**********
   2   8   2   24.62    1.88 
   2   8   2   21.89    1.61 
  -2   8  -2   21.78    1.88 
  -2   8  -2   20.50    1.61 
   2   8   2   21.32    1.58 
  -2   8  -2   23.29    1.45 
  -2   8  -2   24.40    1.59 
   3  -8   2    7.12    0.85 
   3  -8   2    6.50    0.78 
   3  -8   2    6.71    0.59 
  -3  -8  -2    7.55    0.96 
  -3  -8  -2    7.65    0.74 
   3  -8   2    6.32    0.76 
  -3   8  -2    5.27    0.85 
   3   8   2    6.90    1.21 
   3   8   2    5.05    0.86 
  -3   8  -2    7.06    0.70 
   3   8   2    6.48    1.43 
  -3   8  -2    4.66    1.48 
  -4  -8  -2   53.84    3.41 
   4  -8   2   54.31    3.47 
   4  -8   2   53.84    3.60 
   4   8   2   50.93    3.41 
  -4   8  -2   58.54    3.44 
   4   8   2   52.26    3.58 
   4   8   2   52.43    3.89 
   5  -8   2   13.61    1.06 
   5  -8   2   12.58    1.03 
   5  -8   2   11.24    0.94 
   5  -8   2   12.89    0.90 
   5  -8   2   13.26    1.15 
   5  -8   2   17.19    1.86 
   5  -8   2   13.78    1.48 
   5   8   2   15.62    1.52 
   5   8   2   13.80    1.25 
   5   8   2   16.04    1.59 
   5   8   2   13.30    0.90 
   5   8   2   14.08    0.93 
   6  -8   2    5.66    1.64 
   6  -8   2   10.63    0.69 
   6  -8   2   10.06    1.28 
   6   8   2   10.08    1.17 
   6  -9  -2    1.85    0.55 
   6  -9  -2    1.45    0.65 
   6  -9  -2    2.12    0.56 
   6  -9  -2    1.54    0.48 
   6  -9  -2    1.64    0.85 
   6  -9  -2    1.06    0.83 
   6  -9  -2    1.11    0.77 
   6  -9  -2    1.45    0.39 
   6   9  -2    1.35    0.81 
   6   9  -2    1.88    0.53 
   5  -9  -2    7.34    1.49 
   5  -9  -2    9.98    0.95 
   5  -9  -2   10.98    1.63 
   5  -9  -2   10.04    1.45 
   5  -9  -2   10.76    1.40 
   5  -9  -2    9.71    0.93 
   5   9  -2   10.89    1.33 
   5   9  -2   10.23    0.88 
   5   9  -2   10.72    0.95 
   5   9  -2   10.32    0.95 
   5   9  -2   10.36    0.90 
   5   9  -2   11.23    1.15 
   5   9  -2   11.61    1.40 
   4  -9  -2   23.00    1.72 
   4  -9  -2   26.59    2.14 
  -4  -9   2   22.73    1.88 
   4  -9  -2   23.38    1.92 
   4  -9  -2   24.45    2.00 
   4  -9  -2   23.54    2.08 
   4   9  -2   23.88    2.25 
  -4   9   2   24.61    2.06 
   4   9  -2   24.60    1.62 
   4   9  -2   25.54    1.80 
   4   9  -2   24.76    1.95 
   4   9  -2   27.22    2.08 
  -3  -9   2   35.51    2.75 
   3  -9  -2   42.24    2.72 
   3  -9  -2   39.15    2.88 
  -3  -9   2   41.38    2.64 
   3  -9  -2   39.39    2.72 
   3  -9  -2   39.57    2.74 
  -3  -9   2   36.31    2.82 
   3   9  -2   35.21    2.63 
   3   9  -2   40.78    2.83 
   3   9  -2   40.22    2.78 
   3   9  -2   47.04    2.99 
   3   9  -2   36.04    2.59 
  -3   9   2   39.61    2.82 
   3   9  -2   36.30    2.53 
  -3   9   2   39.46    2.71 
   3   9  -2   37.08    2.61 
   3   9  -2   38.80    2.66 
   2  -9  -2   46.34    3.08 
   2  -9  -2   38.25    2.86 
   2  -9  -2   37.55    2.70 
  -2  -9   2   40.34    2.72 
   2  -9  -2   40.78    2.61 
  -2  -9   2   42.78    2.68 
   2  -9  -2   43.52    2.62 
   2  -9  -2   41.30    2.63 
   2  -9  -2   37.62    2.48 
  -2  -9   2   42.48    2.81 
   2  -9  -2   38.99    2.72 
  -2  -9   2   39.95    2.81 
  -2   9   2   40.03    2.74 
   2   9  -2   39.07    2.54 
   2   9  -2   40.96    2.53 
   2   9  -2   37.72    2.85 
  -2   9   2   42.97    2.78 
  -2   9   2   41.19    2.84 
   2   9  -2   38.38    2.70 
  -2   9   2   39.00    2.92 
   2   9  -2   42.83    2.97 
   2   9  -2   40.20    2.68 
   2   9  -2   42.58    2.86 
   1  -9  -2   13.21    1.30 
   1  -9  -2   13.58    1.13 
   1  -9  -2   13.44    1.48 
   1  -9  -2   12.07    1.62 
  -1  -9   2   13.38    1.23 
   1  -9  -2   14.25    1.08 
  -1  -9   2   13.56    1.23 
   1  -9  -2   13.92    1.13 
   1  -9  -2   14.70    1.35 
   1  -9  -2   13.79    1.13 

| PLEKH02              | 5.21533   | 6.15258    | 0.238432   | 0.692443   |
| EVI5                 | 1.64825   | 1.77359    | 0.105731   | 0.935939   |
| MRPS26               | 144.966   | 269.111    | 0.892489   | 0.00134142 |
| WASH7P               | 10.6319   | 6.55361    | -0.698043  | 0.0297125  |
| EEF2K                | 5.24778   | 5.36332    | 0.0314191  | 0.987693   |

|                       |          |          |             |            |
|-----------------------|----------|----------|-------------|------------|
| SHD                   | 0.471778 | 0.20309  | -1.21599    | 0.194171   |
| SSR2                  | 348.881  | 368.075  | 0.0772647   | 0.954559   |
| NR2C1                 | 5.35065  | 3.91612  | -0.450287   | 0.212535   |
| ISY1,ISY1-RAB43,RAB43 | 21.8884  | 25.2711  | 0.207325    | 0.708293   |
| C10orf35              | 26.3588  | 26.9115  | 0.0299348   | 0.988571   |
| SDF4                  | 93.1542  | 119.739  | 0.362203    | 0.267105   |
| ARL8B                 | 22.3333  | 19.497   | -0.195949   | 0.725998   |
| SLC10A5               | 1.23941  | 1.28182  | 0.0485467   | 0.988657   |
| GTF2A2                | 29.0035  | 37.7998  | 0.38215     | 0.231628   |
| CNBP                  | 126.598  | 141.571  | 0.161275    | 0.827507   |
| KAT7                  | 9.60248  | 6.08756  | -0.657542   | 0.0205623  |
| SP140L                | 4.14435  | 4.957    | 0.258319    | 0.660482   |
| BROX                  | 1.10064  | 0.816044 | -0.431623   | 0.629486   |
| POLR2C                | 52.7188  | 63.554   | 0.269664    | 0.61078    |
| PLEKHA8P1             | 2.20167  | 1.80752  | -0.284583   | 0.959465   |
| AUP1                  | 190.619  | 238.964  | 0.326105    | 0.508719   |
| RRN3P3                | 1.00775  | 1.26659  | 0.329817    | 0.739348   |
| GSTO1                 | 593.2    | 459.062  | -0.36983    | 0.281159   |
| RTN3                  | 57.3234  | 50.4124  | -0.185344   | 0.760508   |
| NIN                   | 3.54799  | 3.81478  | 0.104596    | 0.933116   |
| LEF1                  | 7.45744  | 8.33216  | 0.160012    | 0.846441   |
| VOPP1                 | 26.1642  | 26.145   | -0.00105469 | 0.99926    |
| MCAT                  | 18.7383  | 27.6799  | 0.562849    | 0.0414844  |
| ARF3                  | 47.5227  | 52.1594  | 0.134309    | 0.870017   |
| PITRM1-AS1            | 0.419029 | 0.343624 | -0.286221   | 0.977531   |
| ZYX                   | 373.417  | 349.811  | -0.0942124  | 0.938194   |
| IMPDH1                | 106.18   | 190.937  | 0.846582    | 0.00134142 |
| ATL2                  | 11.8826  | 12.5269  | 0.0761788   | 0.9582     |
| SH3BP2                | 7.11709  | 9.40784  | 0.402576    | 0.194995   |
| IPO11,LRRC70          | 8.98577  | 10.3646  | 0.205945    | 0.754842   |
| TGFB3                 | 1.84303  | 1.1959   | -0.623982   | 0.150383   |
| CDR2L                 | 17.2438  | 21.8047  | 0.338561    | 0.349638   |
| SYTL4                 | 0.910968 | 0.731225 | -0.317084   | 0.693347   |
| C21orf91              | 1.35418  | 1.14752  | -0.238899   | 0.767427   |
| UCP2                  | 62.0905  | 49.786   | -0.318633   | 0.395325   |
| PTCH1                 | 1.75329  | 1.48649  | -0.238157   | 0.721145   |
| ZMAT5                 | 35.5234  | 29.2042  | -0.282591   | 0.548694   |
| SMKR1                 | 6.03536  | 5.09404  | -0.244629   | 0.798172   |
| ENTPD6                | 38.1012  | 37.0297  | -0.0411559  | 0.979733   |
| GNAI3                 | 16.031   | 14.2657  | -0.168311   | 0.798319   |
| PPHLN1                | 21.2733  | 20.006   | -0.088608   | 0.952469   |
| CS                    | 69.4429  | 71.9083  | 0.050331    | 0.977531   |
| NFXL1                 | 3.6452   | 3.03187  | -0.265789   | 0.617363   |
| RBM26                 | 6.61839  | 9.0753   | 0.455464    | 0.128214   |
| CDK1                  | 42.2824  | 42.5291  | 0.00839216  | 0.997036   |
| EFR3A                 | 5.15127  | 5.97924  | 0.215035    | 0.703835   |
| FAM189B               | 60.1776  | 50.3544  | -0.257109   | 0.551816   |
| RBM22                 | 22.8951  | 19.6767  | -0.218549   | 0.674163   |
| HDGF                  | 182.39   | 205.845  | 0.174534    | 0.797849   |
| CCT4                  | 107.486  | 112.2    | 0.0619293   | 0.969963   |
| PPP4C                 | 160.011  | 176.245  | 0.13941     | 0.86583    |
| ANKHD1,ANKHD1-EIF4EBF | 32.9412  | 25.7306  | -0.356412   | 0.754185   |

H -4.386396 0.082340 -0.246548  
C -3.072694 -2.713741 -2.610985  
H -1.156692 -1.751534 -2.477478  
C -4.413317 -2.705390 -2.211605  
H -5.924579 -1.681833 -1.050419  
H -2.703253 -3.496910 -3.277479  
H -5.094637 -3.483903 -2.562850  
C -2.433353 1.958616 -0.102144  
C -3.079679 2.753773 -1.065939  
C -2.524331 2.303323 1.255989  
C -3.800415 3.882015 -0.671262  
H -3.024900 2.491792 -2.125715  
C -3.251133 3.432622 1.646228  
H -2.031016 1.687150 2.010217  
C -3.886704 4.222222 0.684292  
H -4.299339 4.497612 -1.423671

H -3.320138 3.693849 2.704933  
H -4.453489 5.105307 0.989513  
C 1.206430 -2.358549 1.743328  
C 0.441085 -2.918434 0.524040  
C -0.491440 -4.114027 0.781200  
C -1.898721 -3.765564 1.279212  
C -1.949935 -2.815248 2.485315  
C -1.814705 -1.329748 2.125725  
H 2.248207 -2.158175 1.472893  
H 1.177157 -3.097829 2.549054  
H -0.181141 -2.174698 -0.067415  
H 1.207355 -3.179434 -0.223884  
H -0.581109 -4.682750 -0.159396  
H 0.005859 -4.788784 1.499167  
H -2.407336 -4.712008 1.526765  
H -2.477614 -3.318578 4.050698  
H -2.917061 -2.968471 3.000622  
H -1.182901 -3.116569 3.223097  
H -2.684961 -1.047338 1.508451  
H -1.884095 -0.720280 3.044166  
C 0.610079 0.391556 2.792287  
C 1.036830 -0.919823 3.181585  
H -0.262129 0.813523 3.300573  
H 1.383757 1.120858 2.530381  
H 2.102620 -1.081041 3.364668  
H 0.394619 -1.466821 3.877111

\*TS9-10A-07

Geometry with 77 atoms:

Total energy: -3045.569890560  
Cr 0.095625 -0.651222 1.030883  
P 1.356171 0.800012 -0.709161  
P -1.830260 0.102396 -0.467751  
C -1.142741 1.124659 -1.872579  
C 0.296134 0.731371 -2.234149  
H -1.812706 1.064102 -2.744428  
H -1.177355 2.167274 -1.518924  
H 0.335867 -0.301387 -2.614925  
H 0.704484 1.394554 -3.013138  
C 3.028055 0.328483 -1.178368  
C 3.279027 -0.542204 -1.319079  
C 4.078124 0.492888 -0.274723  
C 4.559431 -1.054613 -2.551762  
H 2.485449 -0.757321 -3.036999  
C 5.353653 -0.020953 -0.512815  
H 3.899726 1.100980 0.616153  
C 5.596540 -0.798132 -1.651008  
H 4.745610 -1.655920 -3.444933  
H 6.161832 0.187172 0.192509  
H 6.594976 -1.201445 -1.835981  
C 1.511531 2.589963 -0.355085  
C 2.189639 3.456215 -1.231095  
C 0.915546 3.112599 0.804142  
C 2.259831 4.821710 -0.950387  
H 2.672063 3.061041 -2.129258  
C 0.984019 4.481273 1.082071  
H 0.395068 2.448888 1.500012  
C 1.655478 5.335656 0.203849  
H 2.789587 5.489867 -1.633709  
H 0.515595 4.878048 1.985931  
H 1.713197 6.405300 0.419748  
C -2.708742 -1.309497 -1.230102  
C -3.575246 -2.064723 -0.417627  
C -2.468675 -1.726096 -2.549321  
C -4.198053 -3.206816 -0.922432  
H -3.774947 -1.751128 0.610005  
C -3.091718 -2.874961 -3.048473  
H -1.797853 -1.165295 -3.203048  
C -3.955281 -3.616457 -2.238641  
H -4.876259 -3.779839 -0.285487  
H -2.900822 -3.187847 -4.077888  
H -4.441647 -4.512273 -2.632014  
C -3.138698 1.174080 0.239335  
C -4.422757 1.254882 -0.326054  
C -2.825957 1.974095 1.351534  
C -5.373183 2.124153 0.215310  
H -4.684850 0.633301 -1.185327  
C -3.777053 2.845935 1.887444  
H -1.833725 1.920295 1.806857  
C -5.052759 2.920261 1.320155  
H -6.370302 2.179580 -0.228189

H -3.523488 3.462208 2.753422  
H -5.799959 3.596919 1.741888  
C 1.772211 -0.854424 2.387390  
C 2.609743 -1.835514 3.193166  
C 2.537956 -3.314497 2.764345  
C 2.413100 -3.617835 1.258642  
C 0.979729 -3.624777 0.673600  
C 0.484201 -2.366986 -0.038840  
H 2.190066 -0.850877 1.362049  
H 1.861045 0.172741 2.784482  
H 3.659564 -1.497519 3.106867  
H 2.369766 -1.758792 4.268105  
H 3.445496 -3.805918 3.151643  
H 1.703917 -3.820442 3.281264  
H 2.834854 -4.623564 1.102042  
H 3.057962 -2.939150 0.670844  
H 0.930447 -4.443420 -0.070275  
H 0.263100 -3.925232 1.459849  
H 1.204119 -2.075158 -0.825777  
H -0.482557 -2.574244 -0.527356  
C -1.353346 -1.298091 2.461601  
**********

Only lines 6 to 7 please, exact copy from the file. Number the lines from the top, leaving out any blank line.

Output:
  -2   8  -2   23.29    1.45 
  -2   8  -2   24.40    1.59 